'Cave of Forgotten Dreams' becomes highest-grossing independently released documentary of 2011
The film, which first premiered in late April in only five theaters, has since collected $3.7 million, making it the highest-grossing independently released documentary of the year, according to distributor Sundance Selects. That means it’s not being compared to concert films such as Justin Bieber’s “Never Say Never” or the nature documentary “African Cats,” both of which were released by major studios and supported by big marketing campaigns.
After “Cave of Forgotten Dreams,” the next highest-grossing documentary this year has been “The Last Lions,” a National Geographic release that took in only $631,925 during its short run. And “Pom Wonderful Presents the Greatest Movie Ever Sold,” which had the advantage of a well-known director in filmmaker Morgan Spurlock, collected a weak $602,479.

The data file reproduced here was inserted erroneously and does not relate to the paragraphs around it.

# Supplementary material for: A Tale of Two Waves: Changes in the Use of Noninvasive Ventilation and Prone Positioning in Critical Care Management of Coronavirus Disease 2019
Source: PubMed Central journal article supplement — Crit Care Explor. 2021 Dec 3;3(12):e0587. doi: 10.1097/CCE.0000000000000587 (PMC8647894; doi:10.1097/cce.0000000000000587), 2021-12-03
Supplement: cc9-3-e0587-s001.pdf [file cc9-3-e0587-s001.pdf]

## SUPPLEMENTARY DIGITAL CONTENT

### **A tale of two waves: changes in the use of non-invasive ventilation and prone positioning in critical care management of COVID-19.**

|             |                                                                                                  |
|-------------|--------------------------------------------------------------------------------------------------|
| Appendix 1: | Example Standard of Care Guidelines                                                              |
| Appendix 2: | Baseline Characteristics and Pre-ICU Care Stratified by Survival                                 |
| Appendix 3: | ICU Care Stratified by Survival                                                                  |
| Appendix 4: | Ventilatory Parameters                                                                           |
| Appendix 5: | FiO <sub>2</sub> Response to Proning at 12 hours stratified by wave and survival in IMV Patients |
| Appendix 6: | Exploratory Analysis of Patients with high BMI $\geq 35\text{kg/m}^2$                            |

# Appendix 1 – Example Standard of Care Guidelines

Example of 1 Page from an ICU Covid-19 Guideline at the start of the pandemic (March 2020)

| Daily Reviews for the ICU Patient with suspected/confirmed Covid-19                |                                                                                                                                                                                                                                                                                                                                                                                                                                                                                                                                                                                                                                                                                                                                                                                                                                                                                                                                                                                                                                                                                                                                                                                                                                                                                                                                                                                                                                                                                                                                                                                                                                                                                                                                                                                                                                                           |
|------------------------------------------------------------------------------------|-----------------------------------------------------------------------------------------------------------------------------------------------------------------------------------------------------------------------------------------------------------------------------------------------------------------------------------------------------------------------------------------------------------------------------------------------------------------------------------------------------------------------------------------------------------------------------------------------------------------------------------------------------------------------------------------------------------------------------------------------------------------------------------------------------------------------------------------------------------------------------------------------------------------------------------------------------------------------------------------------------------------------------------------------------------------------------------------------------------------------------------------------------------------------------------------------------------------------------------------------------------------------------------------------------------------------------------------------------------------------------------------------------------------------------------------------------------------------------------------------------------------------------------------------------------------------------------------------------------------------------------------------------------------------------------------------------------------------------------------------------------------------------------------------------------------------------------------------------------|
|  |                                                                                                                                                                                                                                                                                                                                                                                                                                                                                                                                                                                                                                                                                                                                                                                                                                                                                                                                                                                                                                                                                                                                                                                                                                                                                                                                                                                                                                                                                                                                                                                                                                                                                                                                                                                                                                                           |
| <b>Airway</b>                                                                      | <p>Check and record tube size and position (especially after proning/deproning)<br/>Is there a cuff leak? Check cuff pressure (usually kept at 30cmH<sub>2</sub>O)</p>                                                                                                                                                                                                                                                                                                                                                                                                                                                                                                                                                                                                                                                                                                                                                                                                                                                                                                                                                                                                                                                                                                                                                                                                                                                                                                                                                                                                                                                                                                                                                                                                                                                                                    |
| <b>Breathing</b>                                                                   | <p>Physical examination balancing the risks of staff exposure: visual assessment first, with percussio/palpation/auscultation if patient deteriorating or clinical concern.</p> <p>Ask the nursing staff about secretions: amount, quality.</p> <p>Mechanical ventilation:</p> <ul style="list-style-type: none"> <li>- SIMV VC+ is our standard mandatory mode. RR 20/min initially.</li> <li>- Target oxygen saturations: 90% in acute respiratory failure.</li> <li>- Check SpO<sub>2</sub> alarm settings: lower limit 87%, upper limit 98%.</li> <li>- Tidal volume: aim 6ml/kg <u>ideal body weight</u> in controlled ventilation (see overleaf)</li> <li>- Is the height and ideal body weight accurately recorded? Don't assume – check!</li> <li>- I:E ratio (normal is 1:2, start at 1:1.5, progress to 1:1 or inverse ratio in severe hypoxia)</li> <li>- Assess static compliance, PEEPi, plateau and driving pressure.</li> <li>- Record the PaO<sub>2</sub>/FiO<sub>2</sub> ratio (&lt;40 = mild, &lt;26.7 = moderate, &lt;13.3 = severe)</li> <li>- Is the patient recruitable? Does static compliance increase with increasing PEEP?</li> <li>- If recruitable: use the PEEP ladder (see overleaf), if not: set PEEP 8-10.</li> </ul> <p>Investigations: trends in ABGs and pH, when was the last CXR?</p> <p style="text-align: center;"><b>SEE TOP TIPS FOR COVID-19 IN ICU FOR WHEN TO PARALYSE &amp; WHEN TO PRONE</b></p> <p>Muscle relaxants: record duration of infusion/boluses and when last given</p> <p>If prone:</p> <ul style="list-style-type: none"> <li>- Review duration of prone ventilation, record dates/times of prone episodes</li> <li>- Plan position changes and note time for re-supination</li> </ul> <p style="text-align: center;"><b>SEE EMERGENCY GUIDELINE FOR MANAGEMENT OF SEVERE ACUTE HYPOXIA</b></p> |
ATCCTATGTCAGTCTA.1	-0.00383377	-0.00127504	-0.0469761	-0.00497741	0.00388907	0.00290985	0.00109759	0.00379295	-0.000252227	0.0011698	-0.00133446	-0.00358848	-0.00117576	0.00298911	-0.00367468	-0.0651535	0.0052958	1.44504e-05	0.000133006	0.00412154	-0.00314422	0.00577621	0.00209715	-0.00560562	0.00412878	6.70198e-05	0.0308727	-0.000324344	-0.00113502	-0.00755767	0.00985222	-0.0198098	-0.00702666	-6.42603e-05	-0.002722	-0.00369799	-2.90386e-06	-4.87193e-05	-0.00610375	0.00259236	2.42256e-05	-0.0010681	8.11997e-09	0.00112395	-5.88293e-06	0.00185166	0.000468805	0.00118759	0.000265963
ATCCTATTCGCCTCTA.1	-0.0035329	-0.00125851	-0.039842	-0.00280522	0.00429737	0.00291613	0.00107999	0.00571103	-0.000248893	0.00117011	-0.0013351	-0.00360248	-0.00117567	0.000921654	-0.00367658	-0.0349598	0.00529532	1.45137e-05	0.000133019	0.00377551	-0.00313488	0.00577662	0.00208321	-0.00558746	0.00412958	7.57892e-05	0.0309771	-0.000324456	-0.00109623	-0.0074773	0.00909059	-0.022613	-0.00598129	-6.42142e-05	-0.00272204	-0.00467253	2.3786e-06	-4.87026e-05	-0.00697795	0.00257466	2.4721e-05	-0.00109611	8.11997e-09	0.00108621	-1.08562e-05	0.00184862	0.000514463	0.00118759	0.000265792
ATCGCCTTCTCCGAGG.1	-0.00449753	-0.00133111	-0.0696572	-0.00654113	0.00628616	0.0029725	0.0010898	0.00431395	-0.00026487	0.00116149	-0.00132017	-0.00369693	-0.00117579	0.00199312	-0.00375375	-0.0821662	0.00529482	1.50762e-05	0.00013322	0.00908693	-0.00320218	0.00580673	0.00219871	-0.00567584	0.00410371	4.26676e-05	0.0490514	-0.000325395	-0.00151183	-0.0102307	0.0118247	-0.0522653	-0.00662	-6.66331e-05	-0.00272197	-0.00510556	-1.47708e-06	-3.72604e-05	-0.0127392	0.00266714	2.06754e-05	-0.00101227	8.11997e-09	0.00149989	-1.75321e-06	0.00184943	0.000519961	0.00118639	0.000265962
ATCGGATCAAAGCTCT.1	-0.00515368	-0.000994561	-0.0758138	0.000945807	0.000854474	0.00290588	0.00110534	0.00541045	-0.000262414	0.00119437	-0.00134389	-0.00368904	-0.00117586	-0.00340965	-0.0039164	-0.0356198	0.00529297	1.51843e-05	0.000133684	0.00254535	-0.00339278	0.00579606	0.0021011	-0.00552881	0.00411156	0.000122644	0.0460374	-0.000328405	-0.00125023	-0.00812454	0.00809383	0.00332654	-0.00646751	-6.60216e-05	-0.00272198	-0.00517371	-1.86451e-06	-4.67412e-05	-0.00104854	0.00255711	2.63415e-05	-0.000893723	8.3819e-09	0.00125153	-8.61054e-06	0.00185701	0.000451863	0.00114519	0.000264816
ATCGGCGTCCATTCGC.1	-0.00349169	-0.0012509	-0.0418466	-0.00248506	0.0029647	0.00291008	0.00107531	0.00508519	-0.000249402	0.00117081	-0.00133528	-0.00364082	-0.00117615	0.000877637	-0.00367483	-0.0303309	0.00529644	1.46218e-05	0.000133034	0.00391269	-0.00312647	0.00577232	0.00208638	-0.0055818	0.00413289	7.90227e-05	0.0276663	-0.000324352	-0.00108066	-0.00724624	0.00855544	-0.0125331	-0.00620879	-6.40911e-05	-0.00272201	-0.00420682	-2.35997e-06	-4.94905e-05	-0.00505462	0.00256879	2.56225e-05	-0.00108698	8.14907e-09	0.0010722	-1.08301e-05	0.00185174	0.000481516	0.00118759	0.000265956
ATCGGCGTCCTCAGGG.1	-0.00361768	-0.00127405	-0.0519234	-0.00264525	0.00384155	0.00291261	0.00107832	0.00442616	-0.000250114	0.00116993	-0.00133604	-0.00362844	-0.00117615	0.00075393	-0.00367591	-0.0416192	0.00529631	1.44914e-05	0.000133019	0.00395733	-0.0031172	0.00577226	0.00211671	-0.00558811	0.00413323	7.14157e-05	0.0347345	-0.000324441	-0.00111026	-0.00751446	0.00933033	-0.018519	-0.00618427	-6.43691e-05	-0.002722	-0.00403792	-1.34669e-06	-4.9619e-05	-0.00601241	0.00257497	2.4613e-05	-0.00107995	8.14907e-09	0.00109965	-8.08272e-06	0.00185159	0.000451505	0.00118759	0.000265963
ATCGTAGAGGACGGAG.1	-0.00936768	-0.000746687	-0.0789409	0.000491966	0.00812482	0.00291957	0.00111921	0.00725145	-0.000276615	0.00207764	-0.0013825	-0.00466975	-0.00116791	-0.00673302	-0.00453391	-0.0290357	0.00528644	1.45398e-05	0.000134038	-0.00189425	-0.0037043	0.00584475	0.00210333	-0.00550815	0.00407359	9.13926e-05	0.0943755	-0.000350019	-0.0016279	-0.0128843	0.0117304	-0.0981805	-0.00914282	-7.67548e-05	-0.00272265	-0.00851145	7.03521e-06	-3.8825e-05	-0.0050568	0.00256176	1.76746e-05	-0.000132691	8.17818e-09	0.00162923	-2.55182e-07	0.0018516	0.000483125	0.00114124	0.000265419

Herzog also made the much-talked about documentary “Grizzly Man,” which centered on a man who traveled yearly to Alaska to study bears and was eventually mauled to death by one. That film ultimately grossed $3.2 million.
To make “Cave of Forgotten Dreams,” Herzog traveled to a different type of remote locale. He was granted exclusive access to the 32,000-year-old Chauvet cave, whose limestone walls are painted with images of animals such as bison and horses.
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Photo: Werner Herzog inside the Chauvet cave. Credit: Marc Valesella/Associated Press.